Indonesian maid’s death highlights failure to protect helpers

Indonesian domestic worker Adelina was allegedly abused and forced to sleep at her employer's car porch with a dog for a month. — Picture courtesy of Steven Sim's officeIndonesian domestic worker Adelina was allegedly abused and forced to sleep at her employer's car porch with a dog for a month. — Picture courtesy of Steven Sim's officeKUALA LUMPUR, Feb 25 — Trafficked to Malaysia, forced to sleep outside with a dog before dying from serious injuries — the latest abuse case involving an Indonesian maid highlights a failure to protect domestic helpers despite repeated government pledges, critics say.

Adelina Sau died earlier this month in hospital a day after being rescued from her employer’s house in Malaysia’s Penang state, with wounds covering her body.

Her 60-year-old employer was charged with her murder this week, and in Indonesia, two people have been arrested on human-trafficking charges for allegedly using fake documents to send her abroad.

About 2.5 million Indonesians work in more affluent Malaysia — many illegally — in sectors ranging from agriculture to construction, including an estimated 400,000 female domestic helpers.

Allegations of abuse are common. These range from overwork, to beatings and sexual abuse, and the issue is a regular diplomatic flashpoint between the South-east Asian neighbours.

Sau’s death sparked widespread anger in Indonesia. Foreign Minister Retno Marsudi has branded it unacceptable while Jakarta is reportedly considering reimposing a ban on sending domestic helpers to Malaysia.

Jakarta last banned sending maids to Malaysia in 2009 after a series of shocking cases, only lifting the measure two years later following lengthy negotiations that resulted in an agreement to give Indonesian helpers better conditions.

However, abuse and exploitation is still regularly reported, and activists lament that pledges made to better protect maids appear to have had little effect.

Glorene Das, executive director of Tenaganita, a Malaysian rights group that deals with migrant workers’ cases, said Sau’s death was “symptomatic of a widespread and deep-seated malaise in our society”.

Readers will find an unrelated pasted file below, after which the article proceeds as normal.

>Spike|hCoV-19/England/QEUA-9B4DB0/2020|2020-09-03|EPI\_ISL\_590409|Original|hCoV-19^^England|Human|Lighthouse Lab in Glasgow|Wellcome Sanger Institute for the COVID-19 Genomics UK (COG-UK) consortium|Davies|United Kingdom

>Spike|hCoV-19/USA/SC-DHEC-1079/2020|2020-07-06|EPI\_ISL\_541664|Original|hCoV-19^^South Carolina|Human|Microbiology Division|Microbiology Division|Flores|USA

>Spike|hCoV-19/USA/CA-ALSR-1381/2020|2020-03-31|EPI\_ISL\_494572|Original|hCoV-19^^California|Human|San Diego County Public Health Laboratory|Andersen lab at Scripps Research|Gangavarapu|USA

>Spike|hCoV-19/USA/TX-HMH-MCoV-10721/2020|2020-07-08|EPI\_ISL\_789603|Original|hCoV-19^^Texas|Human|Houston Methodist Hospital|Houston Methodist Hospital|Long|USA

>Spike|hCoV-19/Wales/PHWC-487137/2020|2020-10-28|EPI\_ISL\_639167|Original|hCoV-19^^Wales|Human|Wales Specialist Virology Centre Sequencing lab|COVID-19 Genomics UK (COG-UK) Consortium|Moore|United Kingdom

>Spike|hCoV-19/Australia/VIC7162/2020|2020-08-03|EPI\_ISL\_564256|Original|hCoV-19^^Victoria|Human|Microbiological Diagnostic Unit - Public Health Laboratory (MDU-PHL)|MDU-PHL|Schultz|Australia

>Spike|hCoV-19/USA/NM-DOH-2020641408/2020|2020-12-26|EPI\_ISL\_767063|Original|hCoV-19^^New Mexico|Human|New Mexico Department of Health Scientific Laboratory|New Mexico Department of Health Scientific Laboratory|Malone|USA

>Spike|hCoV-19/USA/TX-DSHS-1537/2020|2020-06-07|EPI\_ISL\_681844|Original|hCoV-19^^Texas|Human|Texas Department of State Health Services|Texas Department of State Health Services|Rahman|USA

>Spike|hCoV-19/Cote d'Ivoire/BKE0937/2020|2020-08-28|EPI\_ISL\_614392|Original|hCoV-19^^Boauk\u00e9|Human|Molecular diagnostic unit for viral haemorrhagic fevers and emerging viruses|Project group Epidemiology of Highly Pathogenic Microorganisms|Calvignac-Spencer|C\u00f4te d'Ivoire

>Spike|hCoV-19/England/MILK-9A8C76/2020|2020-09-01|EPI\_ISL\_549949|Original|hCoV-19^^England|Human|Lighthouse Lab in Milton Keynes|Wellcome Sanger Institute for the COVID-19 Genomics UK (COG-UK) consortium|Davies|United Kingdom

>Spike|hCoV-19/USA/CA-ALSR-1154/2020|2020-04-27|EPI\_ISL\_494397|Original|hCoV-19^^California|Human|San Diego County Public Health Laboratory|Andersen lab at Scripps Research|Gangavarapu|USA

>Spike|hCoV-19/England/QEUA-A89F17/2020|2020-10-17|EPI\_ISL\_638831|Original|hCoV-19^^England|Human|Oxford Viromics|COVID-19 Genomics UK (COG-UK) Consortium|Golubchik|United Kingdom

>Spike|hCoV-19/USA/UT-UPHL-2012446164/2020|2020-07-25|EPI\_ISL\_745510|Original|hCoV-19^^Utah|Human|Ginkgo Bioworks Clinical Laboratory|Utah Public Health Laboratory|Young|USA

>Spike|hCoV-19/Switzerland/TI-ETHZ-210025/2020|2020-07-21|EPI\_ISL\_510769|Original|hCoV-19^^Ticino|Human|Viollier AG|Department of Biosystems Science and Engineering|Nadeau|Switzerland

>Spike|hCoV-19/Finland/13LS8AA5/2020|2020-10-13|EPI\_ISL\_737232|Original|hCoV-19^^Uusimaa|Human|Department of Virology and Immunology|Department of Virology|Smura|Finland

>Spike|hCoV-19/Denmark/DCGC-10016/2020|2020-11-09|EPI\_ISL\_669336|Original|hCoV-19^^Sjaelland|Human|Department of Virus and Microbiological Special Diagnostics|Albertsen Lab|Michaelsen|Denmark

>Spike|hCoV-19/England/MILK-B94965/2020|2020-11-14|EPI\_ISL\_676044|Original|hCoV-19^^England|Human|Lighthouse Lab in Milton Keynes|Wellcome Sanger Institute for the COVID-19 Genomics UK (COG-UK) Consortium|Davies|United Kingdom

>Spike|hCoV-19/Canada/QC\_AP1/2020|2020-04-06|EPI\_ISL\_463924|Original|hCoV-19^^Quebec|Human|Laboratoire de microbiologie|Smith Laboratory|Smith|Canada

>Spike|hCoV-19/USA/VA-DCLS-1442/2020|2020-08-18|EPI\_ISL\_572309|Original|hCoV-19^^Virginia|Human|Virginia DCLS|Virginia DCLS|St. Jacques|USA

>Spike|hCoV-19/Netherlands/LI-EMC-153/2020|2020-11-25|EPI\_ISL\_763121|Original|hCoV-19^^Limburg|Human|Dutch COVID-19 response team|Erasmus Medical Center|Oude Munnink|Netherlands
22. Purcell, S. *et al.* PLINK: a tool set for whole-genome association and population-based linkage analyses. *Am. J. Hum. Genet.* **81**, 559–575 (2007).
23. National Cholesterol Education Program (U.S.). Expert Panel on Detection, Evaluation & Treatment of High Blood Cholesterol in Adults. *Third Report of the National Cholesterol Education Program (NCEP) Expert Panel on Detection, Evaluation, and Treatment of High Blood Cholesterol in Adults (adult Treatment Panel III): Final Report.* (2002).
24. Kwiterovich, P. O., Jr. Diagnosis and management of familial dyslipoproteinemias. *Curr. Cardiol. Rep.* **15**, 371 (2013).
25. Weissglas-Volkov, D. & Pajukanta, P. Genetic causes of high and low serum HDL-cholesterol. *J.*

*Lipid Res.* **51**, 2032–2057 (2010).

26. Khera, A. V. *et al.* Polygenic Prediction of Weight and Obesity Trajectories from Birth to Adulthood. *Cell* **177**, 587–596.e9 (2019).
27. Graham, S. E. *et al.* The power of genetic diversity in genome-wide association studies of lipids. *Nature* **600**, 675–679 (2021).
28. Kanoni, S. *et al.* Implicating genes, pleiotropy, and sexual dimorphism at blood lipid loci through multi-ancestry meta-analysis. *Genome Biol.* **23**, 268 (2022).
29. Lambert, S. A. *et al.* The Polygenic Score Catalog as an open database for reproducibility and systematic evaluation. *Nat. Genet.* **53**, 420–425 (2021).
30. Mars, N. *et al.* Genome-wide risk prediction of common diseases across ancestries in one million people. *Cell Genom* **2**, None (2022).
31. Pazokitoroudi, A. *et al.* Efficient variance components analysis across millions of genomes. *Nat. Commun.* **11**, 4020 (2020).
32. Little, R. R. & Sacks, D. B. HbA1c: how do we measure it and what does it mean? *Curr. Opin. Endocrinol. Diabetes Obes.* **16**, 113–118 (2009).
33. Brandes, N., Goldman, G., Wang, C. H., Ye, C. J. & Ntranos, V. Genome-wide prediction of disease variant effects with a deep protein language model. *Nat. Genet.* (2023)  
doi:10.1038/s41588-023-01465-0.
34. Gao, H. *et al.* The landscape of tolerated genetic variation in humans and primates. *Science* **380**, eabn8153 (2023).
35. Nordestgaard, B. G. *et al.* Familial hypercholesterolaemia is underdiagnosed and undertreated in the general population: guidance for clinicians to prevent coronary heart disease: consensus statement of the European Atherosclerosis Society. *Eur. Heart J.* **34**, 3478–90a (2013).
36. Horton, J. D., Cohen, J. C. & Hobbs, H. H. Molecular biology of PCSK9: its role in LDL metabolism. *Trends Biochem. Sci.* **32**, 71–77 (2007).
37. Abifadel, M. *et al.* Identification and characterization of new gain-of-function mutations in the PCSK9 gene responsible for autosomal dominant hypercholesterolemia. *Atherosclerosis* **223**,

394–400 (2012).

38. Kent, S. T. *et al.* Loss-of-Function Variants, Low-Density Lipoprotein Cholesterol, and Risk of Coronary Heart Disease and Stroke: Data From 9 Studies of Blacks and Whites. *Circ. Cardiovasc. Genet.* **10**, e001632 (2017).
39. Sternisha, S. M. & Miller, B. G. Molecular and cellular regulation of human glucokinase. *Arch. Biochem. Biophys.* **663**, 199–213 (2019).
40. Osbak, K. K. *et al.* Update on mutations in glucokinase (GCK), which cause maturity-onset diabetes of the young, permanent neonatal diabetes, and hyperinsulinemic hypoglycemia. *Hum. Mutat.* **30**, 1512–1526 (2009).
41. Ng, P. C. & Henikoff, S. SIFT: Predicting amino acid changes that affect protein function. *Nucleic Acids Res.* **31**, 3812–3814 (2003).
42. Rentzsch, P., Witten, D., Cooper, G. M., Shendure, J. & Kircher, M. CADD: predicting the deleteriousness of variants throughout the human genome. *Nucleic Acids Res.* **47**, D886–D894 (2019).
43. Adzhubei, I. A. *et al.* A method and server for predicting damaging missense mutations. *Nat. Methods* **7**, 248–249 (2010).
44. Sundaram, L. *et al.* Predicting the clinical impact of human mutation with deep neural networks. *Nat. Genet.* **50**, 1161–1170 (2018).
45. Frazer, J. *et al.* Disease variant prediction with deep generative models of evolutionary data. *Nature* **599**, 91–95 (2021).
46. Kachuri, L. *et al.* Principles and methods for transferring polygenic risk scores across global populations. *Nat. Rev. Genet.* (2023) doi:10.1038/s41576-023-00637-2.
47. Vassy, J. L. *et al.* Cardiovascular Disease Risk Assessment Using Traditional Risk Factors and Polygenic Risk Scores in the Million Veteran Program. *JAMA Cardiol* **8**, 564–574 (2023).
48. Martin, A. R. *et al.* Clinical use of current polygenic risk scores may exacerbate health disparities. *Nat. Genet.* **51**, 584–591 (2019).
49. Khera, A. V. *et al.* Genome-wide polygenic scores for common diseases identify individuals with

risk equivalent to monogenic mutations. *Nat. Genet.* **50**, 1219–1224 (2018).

She said there was an “utter disregard for the dignity and rights of migrant workers in general and migrant domestic workers in particular”.

String of abuse cases

There has been a string of headline-grabbing abuse cases in recent years involving maids in Malaysia and other Asian countries where helpers are employed.

In 2014, a Malaysian couple were sentenced to hang for starving their Indonesian maid, Isti Komariyah, who weighed just 26 kilogrammes (57 pounds) when she died.

The plight of Indonesian helper Erwiana Sulistyaningsih in Hong Kong, who was badly beaten and starved by her employer, sparked international outrage and made her the face of a movement fighting to force change for the city’s army of maids.

And the death of a Filipina maid in Kuwait, whose body was found this month stuffed in a freezer, has sparked outrage in the Philippines and prompted the government to impose a departure ban on Filipinos planning to work in the country.

In Malaysia, Tenaganita believes a major cause of the problems is that maids lack proper legal protection.

Das said that a 1995 employment law supposed to protect domestic workers defines them as “servants” rather than workers, meaning some employers have few qualms about meting out abuse.

Live-in Indonesian maids in Malaysia earn as little as around RM1,000 (US$250) a month, far lower than in wealthier places such as Hong Kong or Singapore.

‘Chaos’ and corruption

But critics say the problems in Indonesia are just as bad, with authorities failing to protect poor women from being illegally trafficked abroad.

Wahyu Susilo, executive director of Indonesian NGO Migrant Care, said there was “chaos” in the recruitment process.

“There is a tendency to falsify documents to speed up the process and ignore rules about age limits,” he told AFP.

Domestic helpers are legally meant to be at least 21 to work abroad but many are younger.

Sau — from a remote village in impoverished East Nusa Tenggara province — was believed to be 19 when she died, and her family claims an unscrupulous recruiter falsified documents to make it look like she was six years older.

Susilo added there was little oversight of recruiters in poor villages such as Sau’s where women are commonly hired, and corrupt officials were sometimes involved in illegally sending helpers abroad.

Activists accuse governments in both countries of failing to take the issue seriously, pointing out that the deal struck in 2011 to improve maids’ conditions in order to lift the ban had expired two years ago.

Malaysian Deputy Prime Minister Datuk Seri Ahmad Zahid Hamidi has insisted Sau’s death was an isolated case and called for a new deal to replace the 2011 agreement.

“We are concerned about the welfare of maids from Indonesia,” he said.